Human OSCC cell lines (Ca9–22, HSC-2, HO-1-N-1, HSC-3 and SCC-4) were purchased from the Human Science Research Resources Bank (HSRRB, Osaka, Japan). A total of 24 OL tissues (average age, 64.0 years [range, 38–84 years]; 10 male and 14 female) and a total of 26 OSCC tissues (average age, 64.6 years [range, 42–89 years]; 17 male and 9 female) were obtained from patients who underwent biopsies or operations at the University of Tokyo Hospital between Dec. 2009 and Nov. 2011. The OSCCs were graded according to the Union for International Cancer Control (UICC)’s TNM classification. OL was defined as “a predominantly white lesion of the oral mucosa that can not be characterized as any other definable lesion”. The presence or absence of dysplasia in OLs is determined by the degree of cellular abnormality above the epithelial basement membrane as originally defined by the World Health Organisation (WHO) . Normal oral mucosae were obtained from 16 healthy volunteers. Samples were stored in RNAlater (Applied Biosystems, Foster City, CA, USA) at -80 °C until the extraction of genomic DNA. Genomic DNA was extracted by the phenol-chloroform method. This research was approved by the research ethics committee of Graduate School of Medicine and Faculty of Medicine, The University of Tokyo, approval #2819-(1), and informed consent was obtained from all patients and volunteers. Each patient’s tobacco smoking history was obtained in an interview.
Ca9–22 and HSC-2 cells were seeded at a density of 2 × 105 cells ⁄ 10 cm plate on day 0. For 5-aza-2′-deoxycytidine (5-aza-dC; Sigma, St Louis, MO, USA) treatment, the cells were exposed to medium containing 3-μM 5-aza-dC or control medium for 24 h on days 1 and 3, and then harvested on day 5. The doses of 5-aza-dC were adjusted so that the growth of the treated cells was suppressed to 40–80 % that of nontreated cells.
Methylated DNA immunoprecipitation (MeDIP) − CpG island (CGI) microarray analysis
MeDIP − CGI microarray analysis was performed as previously described [29, 30]. Briefly, 5 μg of genomic DNA was immunoprecipitated with an anti-5-methylcytidine antibody (Diagnode, Liége, Belgium), and the precipitated DNA and input DNA were labeled with Cy5 and Cy3, respectively. A human CGI oligonucleotide microarray (Agilent Technologies, Santa Clara, CA, USA) was hybridized with the labeled probes and scanned with a G2565BA microarray scanner (Agilent Technologies). Scanned data were processed with Feature Extraction 9.1 and ChIP Analytics 1.3 software (Agilent Technologies). The signal of the probe was converted into a “Me value,” which represents the methylation level as a value from 0 (unmethylated) to 1 (methylated) . Differentially methylated regions were detected by a comparison of the Me values of the two samples. When three or more consecutive probes in a locus showed differences in the Me value larger than 0.6, the locus was considered to have different methylation statuses. Promoter regions of three genes (HOXA11, NPY, and UCHL1) reported as frequently methylated in multiple cancers, including OSCCs, were used as a methylated control [31–33]. Promoter regions of three genes (ACTB, B2M, and GAPDH) known as housekeeping genes were used as unmethylated control.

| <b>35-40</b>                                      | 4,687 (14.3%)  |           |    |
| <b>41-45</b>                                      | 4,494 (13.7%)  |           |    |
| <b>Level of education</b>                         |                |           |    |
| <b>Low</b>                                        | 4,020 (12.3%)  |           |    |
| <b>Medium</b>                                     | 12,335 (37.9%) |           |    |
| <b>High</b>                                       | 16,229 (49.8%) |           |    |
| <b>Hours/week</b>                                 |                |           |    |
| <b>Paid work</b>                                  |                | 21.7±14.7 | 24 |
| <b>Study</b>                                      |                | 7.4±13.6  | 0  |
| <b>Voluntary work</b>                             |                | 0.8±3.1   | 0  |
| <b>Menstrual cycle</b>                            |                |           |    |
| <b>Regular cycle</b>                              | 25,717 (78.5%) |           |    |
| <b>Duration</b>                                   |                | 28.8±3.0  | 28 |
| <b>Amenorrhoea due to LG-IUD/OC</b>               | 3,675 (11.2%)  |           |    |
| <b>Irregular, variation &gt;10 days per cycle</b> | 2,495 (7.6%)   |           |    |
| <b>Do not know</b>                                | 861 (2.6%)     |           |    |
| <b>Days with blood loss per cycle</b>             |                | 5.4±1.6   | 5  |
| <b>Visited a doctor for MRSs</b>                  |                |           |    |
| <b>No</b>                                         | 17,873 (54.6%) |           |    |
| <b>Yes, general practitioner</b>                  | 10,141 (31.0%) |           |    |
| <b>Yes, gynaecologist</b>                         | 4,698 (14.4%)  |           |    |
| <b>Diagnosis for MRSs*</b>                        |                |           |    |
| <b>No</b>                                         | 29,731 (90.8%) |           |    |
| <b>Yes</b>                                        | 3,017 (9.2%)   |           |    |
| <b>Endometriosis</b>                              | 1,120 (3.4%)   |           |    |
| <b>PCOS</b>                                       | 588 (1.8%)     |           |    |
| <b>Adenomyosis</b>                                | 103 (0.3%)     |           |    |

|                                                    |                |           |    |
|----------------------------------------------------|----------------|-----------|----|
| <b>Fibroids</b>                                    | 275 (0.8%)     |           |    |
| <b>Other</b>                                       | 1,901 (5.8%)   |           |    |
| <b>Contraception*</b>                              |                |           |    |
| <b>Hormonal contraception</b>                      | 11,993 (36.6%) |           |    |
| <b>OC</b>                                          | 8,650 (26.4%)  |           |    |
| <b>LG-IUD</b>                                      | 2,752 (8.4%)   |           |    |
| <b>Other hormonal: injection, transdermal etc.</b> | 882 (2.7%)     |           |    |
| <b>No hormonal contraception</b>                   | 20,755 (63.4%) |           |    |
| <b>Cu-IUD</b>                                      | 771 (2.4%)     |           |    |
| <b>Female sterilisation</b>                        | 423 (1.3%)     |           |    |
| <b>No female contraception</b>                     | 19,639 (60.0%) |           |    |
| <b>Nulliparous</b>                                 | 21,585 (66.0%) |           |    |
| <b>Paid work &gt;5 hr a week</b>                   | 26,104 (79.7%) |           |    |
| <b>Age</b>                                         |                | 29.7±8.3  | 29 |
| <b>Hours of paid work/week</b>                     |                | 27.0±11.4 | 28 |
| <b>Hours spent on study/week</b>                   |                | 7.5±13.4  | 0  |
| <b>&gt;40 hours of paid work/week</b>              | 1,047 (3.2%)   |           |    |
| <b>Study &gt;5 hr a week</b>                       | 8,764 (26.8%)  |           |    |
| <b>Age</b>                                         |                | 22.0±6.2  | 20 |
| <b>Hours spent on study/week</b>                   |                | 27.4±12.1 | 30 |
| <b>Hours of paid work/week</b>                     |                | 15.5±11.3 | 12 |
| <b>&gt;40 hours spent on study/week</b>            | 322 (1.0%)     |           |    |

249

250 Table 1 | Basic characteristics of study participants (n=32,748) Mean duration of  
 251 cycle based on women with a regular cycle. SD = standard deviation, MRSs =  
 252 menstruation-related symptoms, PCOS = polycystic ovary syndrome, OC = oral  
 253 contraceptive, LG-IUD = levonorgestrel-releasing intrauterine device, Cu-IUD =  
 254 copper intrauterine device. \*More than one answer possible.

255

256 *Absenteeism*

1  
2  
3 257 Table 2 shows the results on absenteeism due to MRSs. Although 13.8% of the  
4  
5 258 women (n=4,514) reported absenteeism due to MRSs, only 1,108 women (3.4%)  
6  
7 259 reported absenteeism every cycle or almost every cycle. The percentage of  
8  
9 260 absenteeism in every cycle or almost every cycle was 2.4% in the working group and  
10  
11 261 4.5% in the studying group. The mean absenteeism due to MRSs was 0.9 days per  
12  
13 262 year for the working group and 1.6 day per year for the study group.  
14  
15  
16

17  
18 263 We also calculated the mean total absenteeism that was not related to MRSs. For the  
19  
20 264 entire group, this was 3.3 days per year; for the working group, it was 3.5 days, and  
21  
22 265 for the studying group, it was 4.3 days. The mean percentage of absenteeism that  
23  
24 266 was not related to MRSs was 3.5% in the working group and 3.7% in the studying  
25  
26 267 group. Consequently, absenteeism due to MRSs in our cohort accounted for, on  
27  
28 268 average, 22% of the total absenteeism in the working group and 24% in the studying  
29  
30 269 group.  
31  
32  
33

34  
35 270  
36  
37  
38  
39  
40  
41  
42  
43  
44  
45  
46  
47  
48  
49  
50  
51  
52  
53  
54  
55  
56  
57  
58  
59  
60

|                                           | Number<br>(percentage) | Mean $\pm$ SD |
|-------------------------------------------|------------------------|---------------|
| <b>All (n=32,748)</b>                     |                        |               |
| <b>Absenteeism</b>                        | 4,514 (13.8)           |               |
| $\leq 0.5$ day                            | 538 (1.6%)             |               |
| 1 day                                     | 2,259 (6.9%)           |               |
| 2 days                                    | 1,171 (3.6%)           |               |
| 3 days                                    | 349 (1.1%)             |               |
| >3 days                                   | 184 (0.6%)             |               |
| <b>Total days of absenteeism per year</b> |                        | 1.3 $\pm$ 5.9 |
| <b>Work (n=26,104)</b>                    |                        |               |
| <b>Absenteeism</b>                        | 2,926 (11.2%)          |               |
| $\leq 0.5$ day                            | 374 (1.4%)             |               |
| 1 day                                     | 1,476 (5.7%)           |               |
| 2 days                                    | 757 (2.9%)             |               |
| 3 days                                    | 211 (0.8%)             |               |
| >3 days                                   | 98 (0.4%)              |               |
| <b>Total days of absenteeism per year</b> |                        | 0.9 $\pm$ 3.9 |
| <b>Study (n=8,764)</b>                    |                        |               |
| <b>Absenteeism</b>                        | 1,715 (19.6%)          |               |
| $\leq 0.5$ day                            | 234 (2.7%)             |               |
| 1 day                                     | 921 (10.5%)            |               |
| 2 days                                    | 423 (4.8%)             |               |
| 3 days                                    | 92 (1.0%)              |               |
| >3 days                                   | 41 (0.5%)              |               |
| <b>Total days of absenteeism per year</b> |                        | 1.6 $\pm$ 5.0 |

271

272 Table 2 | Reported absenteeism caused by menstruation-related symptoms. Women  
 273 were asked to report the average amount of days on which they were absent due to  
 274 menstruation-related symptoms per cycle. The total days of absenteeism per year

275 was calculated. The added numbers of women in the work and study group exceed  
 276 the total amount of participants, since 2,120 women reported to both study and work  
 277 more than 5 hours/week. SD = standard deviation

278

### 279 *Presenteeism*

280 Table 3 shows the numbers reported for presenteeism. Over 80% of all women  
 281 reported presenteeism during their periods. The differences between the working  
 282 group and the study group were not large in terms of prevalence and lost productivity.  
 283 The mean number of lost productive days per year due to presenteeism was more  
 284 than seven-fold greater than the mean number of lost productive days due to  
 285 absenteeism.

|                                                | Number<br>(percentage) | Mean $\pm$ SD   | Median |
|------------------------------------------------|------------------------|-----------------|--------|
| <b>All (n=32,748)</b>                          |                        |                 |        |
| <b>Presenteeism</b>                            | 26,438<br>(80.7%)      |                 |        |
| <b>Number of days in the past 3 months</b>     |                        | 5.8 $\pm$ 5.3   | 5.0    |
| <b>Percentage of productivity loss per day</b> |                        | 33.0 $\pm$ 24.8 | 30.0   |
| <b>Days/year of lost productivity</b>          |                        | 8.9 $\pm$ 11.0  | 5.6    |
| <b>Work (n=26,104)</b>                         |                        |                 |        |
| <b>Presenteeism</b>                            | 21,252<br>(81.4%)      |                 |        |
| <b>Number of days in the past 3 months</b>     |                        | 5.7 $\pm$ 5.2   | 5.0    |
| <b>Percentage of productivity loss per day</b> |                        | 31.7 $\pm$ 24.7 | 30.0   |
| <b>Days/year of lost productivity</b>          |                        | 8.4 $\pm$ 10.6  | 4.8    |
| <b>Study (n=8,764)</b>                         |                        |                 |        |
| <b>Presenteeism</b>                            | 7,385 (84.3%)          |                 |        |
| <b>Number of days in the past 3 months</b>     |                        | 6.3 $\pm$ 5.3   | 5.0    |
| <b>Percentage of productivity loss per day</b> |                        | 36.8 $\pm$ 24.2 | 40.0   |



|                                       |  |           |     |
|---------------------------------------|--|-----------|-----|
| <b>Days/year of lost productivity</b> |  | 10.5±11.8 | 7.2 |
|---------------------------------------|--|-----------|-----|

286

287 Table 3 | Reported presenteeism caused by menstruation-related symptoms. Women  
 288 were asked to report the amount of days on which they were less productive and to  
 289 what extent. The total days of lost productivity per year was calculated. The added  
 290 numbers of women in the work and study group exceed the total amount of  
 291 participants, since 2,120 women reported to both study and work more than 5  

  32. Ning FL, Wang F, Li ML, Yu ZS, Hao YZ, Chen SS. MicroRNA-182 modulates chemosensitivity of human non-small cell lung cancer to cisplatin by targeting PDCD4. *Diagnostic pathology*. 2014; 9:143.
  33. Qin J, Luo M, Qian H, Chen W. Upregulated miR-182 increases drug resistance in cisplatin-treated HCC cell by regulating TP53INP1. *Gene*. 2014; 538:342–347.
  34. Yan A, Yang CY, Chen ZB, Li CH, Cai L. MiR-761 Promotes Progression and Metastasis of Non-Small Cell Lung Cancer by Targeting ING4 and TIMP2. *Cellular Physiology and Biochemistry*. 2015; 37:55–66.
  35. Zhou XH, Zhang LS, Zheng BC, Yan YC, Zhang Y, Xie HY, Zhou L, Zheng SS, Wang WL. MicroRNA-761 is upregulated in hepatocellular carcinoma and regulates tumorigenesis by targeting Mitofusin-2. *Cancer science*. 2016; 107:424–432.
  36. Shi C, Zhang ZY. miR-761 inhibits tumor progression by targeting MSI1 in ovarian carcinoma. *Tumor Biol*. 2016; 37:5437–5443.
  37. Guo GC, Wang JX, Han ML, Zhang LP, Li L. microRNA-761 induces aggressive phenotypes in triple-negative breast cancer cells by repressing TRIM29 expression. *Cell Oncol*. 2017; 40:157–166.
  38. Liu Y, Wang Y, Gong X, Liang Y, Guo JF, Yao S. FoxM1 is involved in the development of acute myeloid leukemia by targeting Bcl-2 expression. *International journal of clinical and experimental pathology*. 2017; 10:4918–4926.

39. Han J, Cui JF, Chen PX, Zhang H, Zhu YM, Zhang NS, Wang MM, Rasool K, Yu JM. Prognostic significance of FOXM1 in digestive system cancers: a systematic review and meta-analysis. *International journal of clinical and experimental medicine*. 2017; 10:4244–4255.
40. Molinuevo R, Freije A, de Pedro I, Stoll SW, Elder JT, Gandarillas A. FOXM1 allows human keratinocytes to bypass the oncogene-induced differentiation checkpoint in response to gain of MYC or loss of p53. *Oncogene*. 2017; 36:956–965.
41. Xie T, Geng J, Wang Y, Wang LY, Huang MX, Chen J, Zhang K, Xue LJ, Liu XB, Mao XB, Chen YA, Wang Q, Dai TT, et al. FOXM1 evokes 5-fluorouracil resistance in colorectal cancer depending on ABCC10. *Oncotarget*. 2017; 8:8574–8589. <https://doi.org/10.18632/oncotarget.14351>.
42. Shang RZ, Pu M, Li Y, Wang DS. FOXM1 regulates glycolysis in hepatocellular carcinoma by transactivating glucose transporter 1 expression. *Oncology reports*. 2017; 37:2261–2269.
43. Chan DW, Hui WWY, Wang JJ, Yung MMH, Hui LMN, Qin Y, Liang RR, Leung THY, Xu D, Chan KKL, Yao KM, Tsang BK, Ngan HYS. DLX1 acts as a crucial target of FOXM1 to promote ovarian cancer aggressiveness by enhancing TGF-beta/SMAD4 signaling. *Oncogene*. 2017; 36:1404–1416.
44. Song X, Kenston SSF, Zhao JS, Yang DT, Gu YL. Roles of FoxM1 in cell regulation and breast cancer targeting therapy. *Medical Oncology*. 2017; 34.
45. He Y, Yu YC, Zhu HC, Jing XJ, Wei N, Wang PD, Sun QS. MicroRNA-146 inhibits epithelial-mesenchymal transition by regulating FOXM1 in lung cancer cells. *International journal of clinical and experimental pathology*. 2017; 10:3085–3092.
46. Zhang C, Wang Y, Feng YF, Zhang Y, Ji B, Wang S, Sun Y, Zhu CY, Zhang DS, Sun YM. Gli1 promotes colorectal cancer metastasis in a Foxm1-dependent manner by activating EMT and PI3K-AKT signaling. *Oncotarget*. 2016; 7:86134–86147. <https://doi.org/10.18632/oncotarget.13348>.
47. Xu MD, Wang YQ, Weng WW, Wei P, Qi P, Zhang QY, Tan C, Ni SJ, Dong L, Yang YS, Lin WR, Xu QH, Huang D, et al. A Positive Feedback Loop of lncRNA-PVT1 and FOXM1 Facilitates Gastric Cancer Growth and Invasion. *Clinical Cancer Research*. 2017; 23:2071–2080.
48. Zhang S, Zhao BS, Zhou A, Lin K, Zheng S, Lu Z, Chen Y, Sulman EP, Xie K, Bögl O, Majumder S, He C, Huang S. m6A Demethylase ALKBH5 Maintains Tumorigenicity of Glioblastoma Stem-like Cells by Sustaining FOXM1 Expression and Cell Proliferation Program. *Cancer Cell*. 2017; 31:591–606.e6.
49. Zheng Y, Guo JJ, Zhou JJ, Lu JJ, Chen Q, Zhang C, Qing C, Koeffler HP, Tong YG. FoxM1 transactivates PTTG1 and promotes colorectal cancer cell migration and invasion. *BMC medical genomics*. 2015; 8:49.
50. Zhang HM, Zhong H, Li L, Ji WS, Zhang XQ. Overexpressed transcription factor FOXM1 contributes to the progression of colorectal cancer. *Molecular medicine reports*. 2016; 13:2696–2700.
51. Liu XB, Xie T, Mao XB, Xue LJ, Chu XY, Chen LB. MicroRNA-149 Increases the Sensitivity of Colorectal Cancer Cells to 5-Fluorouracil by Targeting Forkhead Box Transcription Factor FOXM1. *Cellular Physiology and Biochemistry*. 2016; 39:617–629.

Gene expression analysis by oligonucleotide microarray
Expression microarray analysis was performed by a GeneChip Human Genome U133 Plus 2.0 expression microarray (Affymetrix, Santa Clara, CA, USA). From 8 μg of total RNA, first-strand cDNA was synthesized with SuperScript III reverse transcriptase (Invitrogen) and T7-(dT)24 primer (Amersham Biosciences, Little Chalfont, UK). Double-stranded cDNA was then synthesized, and biotin-labeled cRNA was synthesized using a Bio-Array HighYield RNA transcript-labeling kit (Enzo Life Sciences, Farmingdale, NY, USA). Twenty micrograms of labeled cRNA was fragmented and hybridized to the GeneChip oligonucleotide microarray with a GeneChip hybridization control kit. The microarray was stained and scanned according to the Affymetrix protocol. The scanned data were processed using GeneChip operating software 1.4. The signal intensity of each probe was normalized so that the average signal intensity of all the probes on a microarray would be 500. The average signal intensity of all the probes for a gene was used as its transcription level. Genes were classified into those with high (>1000), moderate (250–1000), or low (<250) transcriptions according to their signal intensities .